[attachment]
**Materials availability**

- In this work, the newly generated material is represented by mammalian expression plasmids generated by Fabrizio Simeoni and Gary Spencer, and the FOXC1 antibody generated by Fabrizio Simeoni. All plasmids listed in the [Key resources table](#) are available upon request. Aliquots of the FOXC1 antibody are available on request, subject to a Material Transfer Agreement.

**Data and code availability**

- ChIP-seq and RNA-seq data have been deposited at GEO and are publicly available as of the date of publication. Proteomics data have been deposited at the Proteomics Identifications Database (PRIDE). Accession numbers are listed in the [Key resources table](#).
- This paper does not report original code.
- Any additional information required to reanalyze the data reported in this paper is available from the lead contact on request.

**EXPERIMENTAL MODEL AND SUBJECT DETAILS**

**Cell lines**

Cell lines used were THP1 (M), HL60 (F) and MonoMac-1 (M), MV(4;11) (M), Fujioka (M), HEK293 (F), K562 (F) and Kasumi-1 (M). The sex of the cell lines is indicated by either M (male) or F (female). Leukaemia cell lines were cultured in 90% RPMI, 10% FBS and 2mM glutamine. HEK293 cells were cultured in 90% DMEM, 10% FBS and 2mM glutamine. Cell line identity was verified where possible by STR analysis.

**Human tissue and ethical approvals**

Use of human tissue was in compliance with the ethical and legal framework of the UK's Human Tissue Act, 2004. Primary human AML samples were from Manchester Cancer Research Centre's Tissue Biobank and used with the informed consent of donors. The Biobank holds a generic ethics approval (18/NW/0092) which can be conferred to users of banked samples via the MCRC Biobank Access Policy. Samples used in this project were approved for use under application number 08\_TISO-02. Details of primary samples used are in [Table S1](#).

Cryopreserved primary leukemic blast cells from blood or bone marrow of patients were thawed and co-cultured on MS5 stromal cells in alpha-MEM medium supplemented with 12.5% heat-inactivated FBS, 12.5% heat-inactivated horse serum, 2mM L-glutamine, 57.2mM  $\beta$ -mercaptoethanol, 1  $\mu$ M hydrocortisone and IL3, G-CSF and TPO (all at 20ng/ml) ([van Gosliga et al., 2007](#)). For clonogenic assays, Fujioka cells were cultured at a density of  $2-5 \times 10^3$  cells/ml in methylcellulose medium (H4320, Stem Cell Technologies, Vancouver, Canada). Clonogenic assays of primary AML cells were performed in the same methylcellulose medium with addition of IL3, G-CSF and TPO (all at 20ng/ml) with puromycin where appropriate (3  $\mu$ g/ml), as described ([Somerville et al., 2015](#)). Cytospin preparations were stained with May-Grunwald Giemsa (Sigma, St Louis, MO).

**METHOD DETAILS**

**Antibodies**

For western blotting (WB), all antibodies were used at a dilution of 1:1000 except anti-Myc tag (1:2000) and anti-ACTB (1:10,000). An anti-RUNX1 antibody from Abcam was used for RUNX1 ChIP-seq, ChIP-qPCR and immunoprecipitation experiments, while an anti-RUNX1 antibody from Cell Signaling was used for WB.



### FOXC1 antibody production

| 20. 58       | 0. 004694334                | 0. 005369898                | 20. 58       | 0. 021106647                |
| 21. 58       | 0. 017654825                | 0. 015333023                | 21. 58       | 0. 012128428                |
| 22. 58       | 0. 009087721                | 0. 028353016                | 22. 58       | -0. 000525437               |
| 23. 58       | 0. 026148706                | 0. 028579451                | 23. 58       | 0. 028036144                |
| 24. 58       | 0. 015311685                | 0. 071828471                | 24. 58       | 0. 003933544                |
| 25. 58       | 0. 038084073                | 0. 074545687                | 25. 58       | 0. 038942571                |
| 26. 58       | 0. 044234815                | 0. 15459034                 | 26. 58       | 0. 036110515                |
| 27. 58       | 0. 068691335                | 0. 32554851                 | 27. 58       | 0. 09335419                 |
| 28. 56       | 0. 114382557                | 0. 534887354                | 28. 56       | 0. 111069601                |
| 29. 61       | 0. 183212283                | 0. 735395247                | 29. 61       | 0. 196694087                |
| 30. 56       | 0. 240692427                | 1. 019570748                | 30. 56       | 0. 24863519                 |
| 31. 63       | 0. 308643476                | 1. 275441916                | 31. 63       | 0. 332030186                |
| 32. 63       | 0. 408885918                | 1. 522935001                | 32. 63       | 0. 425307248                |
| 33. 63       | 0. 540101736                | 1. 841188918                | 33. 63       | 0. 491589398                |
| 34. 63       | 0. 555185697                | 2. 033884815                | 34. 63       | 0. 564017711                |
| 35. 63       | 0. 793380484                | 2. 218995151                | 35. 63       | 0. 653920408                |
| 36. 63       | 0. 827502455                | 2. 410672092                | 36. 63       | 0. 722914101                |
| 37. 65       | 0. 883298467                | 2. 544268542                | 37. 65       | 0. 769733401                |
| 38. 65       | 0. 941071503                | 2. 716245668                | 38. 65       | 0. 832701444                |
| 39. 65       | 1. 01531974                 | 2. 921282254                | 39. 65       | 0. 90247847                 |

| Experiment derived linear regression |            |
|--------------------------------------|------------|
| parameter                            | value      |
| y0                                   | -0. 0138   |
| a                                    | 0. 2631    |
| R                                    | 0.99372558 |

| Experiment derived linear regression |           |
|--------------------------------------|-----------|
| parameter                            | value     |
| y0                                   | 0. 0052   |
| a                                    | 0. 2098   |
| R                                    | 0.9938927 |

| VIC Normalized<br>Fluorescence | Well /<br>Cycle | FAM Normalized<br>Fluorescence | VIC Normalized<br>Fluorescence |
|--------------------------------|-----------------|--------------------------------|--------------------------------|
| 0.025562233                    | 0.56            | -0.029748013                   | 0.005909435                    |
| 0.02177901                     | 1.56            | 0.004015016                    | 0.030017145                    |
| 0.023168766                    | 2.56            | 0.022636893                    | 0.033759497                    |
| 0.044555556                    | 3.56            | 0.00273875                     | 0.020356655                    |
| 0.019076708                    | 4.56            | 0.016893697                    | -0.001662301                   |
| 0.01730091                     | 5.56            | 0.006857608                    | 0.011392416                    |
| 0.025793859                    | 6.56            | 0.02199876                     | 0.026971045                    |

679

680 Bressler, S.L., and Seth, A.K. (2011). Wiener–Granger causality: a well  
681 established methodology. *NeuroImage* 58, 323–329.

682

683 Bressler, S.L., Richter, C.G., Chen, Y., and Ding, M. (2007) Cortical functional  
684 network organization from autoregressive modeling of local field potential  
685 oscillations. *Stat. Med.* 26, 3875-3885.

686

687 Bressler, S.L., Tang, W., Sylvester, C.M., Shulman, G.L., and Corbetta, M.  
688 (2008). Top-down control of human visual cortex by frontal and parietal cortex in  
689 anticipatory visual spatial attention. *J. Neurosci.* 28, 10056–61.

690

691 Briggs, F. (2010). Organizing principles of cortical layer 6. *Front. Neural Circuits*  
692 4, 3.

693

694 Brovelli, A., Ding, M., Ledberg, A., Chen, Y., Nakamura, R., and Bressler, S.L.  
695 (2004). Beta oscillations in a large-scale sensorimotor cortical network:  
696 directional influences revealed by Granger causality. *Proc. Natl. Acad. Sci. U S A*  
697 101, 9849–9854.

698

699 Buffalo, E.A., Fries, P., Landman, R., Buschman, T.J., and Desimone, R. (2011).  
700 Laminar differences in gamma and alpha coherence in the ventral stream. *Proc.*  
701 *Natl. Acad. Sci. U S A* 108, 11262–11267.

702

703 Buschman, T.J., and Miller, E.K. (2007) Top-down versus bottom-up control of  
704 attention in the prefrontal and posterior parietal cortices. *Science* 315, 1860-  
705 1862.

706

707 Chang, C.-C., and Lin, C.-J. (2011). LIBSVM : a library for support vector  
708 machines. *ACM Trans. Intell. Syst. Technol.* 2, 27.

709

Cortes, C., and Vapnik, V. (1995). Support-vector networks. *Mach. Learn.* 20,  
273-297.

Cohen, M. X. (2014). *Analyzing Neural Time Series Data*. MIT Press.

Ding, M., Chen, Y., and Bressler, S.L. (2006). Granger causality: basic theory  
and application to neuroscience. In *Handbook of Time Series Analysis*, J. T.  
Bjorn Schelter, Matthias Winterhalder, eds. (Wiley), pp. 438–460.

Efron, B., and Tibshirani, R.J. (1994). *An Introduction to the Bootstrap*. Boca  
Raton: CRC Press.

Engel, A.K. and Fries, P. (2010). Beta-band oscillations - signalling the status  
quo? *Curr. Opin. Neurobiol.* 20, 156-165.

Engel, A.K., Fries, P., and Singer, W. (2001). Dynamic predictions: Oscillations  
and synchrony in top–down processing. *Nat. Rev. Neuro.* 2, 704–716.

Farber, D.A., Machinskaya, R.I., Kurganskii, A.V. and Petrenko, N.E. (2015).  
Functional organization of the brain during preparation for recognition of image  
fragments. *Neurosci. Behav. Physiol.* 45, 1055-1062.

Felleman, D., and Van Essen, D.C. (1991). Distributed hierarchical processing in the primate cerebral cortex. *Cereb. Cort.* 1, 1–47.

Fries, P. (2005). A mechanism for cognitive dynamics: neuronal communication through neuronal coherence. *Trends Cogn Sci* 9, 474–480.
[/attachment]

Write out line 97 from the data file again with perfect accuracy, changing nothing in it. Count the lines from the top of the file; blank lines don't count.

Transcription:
Engel, A.K. and Fries, P. (2010). Beta-band oscillations - signalling the status  